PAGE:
As stated so eloquently by Zagurly-Orly and Schwartzstein: “We are living through an unprecedented biopsychosocial crisis; physicians must be the voice of reason and lead by example. We must reason critically and reflect on the biases that may influence our thinking processes, critically appraise evidence in deciding how to treat patients, and use anecdotal observations only to generate hypotheses for trials that can be conducted with clinical equipoise. We must act swiftly but carefully, with caution and reason.” (8)

  1. Piccolo V, Neri I, Filippeschi C et al. Chilblain-like lesions during COVID-19 epidemic: A preliminary study on 63 patients. J Eur Acad Dermatol Venereol. 2020 Apr 24. [Epub ahead of print]

  2. Heymann WR. The profound dermatological manifestations of COVID-19 – Cutaneous features. Dermatology World Insights and Inquiries. Vol. 2, No. 16. April 22, 2020.

  3. Barton SR. What’s in a name? BMJ. 2011;342:d3694.

  4. Cappel JA, Wetter DA. Clinical characteristics, etiologic associations, laboratory findings, treatment, and proposal of diagnostic criteria of pernio (chilblains) in a series of 104 patients at Mayo Clinic, 2000 to 2011. Mayo Clin Proc. 2014;89(2):207-215.

  5. Kolivras A, Dehavay F, Delplace D et al. Coronavirus (COVID-19) infection-induced chilblains: A case report with histopathologic findings. JAAD Case Rep. 2020 (in press).doi.org/10.1016/j.jdcr.2020.04.011

  6. Alramthan A, Aldaraji W. A case of COVID-19 presenting in clinical picture resembling chilblains disease: First report from the Middle East. Clin Exp Dermatol 2020 Apr 17. doi: 10.1111/ced.14243. [Epub ahead of print]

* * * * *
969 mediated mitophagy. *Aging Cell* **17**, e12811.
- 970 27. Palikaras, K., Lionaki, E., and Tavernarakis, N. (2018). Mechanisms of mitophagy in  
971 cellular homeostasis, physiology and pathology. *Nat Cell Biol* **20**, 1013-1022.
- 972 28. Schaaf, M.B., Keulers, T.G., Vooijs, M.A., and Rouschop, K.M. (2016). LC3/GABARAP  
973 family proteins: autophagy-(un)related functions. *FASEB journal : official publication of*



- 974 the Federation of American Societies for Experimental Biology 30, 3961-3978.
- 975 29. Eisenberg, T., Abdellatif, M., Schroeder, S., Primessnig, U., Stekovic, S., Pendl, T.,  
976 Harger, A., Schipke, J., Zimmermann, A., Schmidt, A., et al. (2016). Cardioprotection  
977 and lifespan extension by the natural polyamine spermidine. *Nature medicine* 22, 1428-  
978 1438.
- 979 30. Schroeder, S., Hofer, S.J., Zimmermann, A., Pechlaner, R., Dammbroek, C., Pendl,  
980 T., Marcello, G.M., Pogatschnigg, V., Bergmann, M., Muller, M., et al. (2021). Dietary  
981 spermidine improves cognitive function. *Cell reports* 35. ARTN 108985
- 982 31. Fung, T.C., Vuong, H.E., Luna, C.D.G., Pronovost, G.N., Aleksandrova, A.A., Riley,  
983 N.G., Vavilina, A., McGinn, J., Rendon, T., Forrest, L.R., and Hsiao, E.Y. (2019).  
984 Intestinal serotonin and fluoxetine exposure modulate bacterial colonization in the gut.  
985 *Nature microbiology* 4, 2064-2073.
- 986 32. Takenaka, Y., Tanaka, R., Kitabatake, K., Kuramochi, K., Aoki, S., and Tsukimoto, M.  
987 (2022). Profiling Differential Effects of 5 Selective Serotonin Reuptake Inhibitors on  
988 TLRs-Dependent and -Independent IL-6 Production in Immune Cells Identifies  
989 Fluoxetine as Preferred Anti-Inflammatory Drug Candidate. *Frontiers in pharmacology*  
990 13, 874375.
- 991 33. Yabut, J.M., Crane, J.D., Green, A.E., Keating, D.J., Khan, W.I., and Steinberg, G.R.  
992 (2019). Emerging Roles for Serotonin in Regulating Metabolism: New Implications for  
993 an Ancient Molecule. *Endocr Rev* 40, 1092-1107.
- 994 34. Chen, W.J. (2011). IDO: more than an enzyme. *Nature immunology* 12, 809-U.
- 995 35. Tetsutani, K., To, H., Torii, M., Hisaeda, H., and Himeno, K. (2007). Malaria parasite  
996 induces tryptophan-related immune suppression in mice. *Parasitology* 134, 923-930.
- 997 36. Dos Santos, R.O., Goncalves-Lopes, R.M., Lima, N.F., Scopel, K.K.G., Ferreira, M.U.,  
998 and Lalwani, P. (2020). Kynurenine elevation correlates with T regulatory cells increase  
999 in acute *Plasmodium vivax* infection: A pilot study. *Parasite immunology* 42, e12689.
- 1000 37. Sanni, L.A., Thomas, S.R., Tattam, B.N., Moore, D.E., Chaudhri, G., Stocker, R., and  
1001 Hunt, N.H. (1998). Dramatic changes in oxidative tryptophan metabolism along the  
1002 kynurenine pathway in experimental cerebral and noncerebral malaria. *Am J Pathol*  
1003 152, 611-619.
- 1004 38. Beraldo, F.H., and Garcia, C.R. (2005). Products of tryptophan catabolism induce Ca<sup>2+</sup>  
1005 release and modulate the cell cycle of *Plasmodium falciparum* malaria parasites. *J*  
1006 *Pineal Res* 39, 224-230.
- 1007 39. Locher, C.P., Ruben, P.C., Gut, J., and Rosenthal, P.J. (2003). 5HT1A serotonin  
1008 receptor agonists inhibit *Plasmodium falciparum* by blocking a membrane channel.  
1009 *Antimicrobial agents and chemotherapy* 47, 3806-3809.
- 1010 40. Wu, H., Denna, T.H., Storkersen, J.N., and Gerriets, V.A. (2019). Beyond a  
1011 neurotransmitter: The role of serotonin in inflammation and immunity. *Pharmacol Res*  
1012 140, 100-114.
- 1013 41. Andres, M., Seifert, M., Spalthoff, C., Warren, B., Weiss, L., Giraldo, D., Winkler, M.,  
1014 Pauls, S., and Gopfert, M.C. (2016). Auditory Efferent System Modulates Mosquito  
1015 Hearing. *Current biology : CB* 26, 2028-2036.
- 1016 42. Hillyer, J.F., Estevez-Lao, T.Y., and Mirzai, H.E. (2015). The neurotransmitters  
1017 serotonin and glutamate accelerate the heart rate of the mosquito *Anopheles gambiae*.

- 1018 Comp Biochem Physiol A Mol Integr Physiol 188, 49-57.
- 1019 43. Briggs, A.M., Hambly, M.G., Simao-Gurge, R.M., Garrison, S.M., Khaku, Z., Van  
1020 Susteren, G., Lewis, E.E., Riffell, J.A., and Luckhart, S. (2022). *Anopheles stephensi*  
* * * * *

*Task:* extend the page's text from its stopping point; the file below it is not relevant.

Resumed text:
7. Fernandez-Nieto D, Jiminez-Cauhe J, Suarez-Valle A, Moreno-Arrones OM, et al. Characterization of acute acro-ischemic lesions in non-hospitalized patients: A case series of 132 patients during COVID-19 outbreak. J Am Acad Dermatol 2020 Apr 24 pii: S0190-9622(20)30709-X. doi: 10.1016/j.jaad.2020.04.093. [Epub ahead of print]

  8. Zagurly-Orly B. Schwartzstein RM. Covid-19 – A reminder to reason. New Engl J Med 2020 Apr 28 [Epub ahead of print].

All content found on Dermatology World Insights and Inquiries, including: text, images, video, audio, or other formats, were created for informational purposes only. The content represents the opinions of the authors and should not be interpreted as the official AAD position on any topic addressed. It is not intended to be a substitute for professional medical advice, diagnosis, or treatment.